Teamwork makes the dream work

If I were to think of what types of animals hunt in groups, I’d probably say something like wolves, hyenas, lions, maybe even my friend Kevin. That’s why when Season 1, Episode 1 of Frozen Planet depicted killer whales using coordinated and precise hunting techniques, I couldn’t believe my eyes. It turns out that even marine animals take part in “social predation” (or group hunting), something that can be considered one of the greatest boosters of an individual’s ability to survive and have children [1]. One hypothesis is that “social predation” has evolved in multiple populations due to the increase in likelihood of catching the prey [2].

One food source for killer whales is seals, which are often laying on ice sheets. One specific hunting technique used by killer whales is to throw themselves onto the ice sheet to catch the prey [4]. This can be costly; sometimes it can be hard for the whale to return to sea after beaching itself on the ice [4]. So why not bring the food to you?

According to the video, pods of killer whales work together to capture the tasty artic seals that are sitting on the sheets of ice. They do so by swimming as a unit under the ice, and at the exact moment that they are under the seal, they all flip their tail up toward the ice at the same time, breaking the sheet apart. Without that barrier, the seals are sitting ducks. Suddenly, the killer whales have access to their next meal.

But unique group hunting behaviors are not exclusive to only those marine animals with killer in the name. In fact, there are multiple species of fish that do just that. Sailfish for example, take turns swimming through schools of sardines, which injures their prey. This then increases the success of the next sailfish to capture an injured fish [3].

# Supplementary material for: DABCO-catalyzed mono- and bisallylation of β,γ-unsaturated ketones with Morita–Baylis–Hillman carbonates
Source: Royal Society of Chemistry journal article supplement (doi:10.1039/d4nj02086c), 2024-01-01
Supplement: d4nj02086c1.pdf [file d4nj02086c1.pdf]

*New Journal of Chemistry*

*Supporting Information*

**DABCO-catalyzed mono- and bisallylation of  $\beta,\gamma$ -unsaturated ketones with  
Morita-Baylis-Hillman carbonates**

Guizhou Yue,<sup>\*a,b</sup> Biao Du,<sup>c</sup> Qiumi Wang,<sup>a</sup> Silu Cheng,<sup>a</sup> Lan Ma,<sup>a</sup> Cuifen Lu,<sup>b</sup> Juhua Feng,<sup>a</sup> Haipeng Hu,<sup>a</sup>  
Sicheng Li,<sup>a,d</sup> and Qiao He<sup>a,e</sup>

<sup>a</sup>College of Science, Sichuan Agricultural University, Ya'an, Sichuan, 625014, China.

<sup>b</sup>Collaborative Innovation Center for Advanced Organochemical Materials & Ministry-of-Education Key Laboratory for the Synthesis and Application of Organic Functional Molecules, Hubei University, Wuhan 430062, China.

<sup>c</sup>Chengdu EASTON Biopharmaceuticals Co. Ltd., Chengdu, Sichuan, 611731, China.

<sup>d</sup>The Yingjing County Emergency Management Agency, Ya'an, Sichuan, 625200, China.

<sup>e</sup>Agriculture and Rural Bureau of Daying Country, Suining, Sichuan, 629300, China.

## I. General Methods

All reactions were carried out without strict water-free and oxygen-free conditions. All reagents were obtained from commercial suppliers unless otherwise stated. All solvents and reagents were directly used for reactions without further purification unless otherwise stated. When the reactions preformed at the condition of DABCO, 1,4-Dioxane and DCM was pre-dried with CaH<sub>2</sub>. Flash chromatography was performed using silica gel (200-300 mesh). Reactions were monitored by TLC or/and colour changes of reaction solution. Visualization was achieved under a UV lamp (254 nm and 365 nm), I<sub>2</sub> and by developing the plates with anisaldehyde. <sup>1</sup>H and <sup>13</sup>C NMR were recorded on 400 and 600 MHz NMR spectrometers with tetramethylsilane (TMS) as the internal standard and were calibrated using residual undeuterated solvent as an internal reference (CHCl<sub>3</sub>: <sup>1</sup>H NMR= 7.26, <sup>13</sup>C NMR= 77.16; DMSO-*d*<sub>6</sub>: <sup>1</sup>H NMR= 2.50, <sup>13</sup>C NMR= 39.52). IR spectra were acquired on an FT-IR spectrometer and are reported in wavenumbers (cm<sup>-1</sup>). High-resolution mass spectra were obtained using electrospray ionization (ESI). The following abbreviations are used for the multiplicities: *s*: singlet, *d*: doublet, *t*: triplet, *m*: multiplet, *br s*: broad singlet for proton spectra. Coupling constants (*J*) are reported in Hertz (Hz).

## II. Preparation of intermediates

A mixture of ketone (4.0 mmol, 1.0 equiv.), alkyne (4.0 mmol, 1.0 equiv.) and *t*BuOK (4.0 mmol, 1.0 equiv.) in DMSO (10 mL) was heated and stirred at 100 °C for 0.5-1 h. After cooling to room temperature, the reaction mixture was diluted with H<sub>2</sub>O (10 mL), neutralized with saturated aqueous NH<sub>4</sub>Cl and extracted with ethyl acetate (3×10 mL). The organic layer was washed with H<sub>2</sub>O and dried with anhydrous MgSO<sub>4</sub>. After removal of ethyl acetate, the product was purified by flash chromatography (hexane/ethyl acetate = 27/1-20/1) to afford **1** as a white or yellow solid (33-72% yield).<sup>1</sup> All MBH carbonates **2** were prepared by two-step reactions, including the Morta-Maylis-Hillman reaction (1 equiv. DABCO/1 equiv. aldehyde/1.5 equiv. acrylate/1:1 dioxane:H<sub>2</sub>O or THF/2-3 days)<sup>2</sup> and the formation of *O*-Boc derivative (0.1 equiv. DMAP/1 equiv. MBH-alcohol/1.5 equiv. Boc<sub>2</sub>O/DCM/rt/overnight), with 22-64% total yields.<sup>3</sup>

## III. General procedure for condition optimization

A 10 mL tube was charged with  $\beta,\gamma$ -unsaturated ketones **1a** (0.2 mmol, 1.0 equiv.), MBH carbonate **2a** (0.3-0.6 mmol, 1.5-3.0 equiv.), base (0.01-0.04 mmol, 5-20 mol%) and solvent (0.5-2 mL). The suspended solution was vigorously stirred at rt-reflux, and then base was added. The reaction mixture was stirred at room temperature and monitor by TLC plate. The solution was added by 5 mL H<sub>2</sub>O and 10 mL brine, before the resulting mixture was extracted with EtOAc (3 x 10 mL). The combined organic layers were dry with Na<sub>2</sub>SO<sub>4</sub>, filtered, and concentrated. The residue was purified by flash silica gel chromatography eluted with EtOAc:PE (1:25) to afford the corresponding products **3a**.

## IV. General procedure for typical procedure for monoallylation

These whales and fish show us just how dependent organisms are on, not only the animals that they eat, but the other individuals that they work with. Teamwork really does make the dream work.

by Robert Roundy

Frozen Planet, Season 1, Episode 1, starting at approximately 34:30

References

  1. Lang SDJ & DR Farine. 2017. A multidimensional framework for studying social predation strategies. Nature Ecology & Evolution 1(9): 1230-1239.
  2. Krause J, Herbert-Read JE, Seebacher F, et al. 2017. Injury-mediated decrease in locomotor performance increases predation risk in schooling fish. Philosophical Transactions of the Royal Society B-Biological Sciences 372(1727).
  3. Herbert-Read JE, Romanczuk P, S Krause, et al. 2016. Proto-cooperation: group hunting sailfish improve hunting success by alternating attacks on grouping prey. Proceedings of the Royal Society B-Biological Sciences 283(1842).
  4. Guinet C, J Bouvier. 1995. Development of intentional stranding hunting techniques in killer whale (Orcinus orca) calves at Crozet Archipelago. Canadian Journal of Zoology. 73(1): 27-33.

Comments are closed.

WordPress.com.

Up ↑

%d bloggers like this: